[All pictures are copyright 2011 by Tony Leukering. Click on image(s) to see larger version(s).]
With the prediction of NW winds all day in Cape May, I headed my car to the point to see if Dave Hedeen's prediction of a count of 13 American Kestrels moving by the Hawkwatch Platform in Cape May Point S.P. would prove out. I arrived at 9:30 and spent two hours watching the tern show there (more on that in a bit) before Dave and Meg showed up a bit after 11:30. By that time, I'd "counted" one Broad-winged Hawk and noted one juvenile Cooper's Hawk, one Osprey, and one distant adult Red-tailed Hawk not moving, so I didn't "count" them. Then the dam... well... it started leaking. A bit after noon, we had two female American Kestrel go by and by the end of the day (I quit at 5 pm), I had tallied 10 American Kestrels. Ah, well Dave, you were a bit off. But, the raptor total for the day was 16 migrating birds, with two each of Cooper's Hawk, Broad-winged Hawk, and Merlin. Not too shabby for 22 August!
[This Cooper's Hawk was one of two juveniles that were "counted" today from the Hawkwatch Platform.]
The fall count season started, though the Hawkwatch has not, when Tom Johnson climbed the dike at Higbees Beach SWA before sunrise on 16 August to initiate the Morning Flight count for the fall, which will continue to 31 October. In a bit over a week, Melissa Roach will arrive in preparation to conduct the hawk count once again, starting on 1 September, with the count continuing through 30 November. Also at that time, Tom Magarian will start his efforts as the Swing Counter, filling in for the three primary counters on their days off. Finally, on 22 September, Tom Reed will get the Seawatch going, which will end on 22 December.
So, back to the subject of this essay. The platform, as I've written before in this venue, is a magical place. Its large sky, variety of nearby habitats -- particularly the adjacent coast and Bunker Pond, and elevated viewing make this site hard to beat for racking up ABA-area bird variety while sitting on one's bum! Today, the magic was provided primarily by terns, with an uncountable number of six species coming and going throughout the day. Particularly interesting were the Black Terns, which are putting on a good show in many areas of lower Cape May County. Though I never saw more than five at once today, Black Terns were dropping in and departing regularly, particularly in the middle and late afternoon, and I would hazard that 75+ popped in over the course of my 8.5-hour tenure there.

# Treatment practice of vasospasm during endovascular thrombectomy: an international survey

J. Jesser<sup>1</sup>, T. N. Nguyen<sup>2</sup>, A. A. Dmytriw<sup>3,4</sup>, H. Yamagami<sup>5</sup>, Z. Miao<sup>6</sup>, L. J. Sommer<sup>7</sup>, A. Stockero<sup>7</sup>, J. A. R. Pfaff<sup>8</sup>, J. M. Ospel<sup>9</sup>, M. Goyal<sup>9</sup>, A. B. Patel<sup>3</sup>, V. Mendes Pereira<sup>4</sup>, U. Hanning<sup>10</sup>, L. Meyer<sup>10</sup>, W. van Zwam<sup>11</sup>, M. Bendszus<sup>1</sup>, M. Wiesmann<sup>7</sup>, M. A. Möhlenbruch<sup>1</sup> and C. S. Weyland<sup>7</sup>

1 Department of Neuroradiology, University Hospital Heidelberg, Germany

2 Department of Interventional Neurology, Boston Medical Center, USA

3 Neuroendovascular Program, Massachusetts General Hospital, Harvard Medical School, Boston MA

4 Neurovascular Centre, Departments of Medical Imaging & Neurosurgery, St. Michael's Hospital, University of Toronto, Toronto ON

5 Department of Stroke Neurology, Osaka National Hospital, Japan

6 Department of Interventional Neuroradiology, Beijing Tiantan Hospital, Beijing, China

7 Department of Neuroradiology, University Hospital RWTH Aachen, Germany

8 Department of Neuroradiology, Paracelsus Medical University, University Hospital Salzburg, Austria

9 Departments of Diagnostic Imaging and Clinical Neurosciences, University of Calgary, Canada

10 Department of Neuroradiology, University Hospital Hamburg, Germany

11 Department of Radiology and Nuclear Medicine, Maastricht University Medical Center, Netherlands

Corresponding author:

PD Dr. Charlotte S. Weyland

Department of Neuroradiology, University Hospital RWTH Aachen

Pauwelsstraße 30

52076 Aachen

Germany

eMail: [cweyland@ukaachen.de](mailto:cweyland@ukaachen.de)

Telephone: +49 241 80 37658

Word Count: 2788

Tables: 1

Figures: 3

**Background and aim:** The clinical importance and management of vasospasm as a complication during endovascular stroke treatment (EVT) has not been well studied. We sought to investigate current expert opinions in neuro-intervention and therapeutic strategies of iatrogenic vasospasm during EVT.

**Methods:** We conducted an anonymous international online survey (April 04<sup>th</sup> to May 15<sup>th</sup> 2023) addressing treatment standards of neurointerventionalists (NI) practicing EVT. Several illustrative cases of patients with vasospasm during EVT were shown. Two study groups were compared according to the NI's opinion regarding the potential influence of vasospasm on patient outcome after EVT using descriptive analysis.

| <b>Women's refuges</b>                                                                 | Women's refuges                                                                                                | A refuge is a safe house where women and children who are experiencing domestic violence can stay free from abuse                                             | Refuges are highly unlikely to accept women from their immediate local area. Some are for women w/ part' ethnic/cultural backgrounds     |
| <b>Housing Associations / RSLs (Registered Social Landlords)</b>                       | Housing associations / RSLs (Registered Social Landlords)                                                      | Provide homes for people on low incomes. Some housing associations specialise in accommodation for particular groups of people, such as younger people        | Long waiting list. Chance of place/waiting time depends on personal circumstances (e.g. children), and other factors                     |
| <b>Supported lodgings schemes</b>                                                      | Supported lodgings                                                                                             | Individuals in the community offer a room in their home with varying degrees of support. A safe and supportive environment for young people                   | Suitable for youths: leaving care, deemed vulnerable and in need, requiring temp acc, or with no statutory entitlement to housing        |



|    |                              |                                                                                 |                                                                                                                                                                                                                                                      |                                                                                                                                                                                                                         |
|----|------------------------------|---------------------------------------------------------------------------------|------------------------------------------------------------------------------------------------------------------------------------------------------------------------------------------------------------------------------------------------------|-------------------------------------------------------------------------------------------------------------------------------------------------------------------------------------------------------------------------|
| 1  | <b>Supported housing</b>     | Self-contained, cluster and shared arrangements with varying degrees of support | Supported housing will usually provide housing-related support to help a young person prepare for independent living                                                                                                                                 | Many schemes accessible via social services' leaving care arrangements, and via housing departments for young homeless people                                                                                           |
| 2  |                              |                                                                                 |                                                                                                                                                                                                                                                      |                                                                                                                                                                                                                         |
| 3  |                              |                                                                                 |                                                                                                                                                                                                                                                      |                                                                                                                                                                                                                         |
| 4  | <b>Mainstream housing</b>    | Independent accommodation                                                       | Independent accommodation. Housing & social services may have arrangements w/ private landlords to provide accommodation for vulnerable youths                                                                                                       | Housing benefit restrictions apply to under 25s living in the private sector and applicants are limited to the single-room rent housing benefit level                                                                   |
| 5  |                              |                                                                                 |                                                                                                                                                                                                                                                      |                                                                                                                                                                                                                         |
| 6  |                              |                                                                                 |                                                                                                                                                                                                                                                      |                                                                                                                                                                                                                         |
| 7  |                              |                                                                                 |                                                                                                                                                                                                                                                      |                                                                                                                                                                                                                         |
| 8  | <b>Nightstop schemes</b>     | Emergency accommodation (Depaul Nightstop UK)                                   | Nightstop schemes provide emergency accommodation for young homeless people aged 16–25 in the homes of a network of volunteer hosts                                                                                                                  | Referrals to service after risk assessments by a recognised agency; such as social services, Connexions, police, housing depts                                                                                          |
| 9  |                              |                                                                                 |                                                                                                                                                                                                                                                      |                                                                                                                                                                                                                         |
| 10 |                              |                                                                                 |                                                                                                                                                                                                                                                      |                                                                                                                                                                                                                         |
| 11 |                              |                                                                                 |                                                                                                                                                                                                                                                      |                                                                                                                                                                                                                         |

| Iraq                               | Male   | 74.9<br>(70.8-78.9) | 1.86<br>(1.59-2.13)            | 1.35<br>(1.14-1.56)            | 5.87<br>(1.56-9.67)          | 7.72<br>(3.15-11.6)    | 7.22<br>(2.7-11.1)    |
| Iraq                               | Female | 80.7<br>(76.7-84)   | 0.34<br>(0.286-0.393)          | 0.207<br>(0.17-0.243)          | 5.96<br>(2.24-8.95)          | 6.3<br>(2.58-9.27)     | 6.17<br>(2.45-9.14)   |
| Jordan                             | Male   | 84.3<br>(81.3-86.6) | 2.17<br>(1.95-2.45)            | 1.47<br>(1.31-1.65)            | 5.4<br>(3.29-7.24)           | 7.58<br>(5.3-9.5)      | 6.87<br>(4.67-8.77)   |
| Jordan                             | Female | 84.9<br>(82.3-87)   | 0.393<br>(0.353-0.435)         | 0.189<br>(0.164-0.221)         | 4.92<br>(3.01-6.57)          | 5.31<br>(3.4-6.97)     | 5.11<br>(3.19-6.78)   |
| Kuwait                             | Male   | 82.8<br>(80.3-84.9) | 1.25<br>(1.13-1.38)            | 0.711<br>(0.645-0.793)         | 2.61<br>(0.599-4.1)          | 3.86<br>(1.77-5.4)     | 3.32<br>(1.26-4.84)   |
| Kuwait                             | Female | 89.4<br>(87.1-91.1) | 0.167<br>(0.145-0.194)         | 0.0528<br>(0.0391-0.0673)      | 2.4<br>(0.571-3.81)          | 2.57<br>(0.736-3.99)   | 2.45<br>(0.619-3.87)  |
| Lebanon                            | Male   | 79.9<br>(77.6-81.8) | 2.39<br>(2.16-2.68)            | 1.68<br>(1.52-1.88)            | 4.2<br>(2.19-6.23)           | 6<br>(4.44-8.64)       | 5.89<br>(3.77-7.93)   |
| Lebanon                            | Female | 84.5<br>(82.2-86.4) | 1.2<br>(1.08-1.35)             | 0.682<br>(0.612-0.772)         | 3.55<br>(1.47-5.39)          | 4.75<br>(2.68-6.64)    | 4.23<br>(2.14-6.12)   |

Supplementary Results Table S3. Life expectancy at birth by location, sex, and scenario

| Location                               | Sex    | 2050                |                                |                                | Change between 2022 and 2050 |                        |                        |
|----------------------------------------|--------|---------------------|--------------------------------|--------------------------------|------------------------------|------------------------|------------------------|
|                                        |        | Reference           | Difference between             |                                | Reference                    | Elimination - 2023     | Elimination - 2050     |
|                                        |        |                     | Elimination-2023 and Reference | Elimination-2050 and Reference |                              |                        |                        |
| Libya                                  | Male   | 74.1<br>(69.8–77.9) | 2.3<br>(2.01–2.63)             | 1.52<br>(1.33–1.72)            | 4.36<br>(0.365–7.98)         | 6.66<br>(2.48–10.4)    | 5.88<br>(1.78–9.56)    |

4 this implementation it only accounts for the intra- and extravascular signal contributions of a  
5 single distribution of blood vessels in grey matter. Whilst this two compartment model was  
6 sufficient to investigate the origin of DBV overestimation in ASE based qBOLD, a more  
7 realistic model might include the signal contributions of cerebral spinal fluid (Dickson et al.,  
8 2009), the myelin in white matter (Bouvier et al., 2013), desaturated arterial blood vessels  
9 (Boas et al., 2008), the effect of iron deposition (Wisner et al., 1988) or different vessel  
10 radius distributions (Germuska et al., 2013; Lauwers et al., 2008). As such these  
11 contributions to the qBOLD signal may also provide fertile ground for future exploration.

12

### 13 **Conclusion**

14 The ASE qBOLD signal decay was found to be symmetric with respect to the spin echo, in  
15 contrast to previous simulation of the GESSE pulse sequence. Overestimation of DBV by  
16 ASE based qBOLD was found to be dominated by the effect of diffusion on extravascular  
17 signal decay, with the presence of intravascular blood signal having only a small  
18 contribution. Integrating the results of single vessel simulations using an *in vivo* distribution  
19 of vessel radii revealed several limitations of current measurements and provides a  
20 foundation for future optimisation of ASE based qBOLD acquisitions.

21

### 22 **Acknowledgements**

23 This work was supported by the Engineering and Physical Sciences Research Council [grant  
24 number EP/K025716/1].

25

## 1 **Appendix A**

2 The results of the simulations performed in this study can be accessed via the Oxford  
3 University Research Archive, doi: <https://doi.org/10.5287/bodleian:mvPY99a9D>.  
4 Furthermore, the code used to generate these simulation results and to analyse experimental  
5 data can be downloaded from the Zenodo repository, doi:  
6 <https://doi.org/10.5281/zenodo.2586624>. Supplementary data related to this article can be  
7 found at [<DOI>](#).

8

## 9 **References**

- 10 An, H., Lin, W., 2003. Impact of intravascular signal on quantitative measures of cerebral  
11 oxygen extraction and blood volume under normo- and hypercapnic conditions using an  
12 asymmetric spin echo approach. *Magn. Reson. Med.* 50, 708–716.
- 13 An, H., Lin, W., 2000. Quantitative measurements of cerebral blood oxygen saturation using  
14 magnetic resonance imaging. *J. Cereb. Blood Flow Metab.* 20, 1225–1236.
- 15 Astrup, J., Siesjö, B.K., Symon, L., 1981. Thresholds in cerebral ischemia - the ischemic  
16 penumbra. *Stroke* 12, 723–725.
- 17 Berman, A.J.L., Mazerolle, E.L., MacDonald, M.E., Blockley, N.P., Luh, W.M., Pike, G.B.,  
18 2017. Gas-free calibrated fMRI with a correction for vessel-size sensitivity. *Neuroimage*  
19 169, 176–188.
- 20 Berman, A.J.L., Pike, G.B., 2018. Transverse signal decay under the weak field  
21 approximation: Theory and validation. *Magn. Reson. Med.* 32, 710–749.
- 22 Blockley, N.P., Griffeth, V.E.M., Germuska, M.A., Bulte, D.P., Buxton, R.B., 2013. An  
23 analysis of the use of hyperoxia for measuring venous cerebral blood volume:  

[This juvenile Black Tern was one of many flying by the Hawkwatch Platform today, after toodling around over Bunker Pond. It is readily aged as a juvenile by noting the slight wash of brown on the face, the brown in the lesser primary coverts, and -- particularly -- the extensive brown on the back.]
Bunker Pond's lowish water levels are providing for loafing areas and a great place to study the variety of ages and plumages of both Common and Forster's terns. One (or more) Royal Tern made several appearances, as did one (or more) Least Tern. Finally, an adult Caspian Tern with one kid in tow was present most of the day, with a second adult being seen once in the afternoon. The adult, in addition to giving its youngster fishing lessons, was also, apparently, attempting to give at least one fish flying lessons.
[This adult Caspian Tern caught a fish in apparently very weedy water in Bunker Pond and, while apparently trying to maneuver the fish and all those weeds in its bill, let it slip. As can be seen in this composite of three images, it chased after it, exhorting it to flap its wings and stay aloft, but to no avail, with the fish hitting the water and neither the tern nor a nearby Laughing Gull being able to save it from that horrid fate.
In related news, Chris Vogel noted 1000s of terns on the beach at Cape May Point early this morning and others noted one Sandwich Tern and a leucistic Laughing Gull there. Chris also saw two Parasitic Jaegers (an adult and a younger bird) close to shore. Tom Johnson and others had their slow day on the Higbees Beach dike enlivened by a close Cerulean Warbler. Michael O'Brien reported large numbers of Laughing Gulls and terns -- including two Sandwich Terns -- moving by the South Cape May Meadows in the evening and, a bit early, the first Yellow-rumped (Myrtle) Warbler of the fall. On the subject of warblers, Bernie Master noted a Brewster's Warbler (the dominant form in the hybridization of Blue-winged and Golden-winged warblers) at Higbees Beach SWA.
The adult female Brown Booby continues to delight observers, whether they are standing at Two-Mile Landing or taking a two-hour cruise of the back bays on Bob Lubberman's Osprey. Though it is readily seen from shore, the views provided aboard are incredible!
Tonight's forecast calls for NW 10-15 mph, with N winds tomorrow. I'll probably be counting hawks again.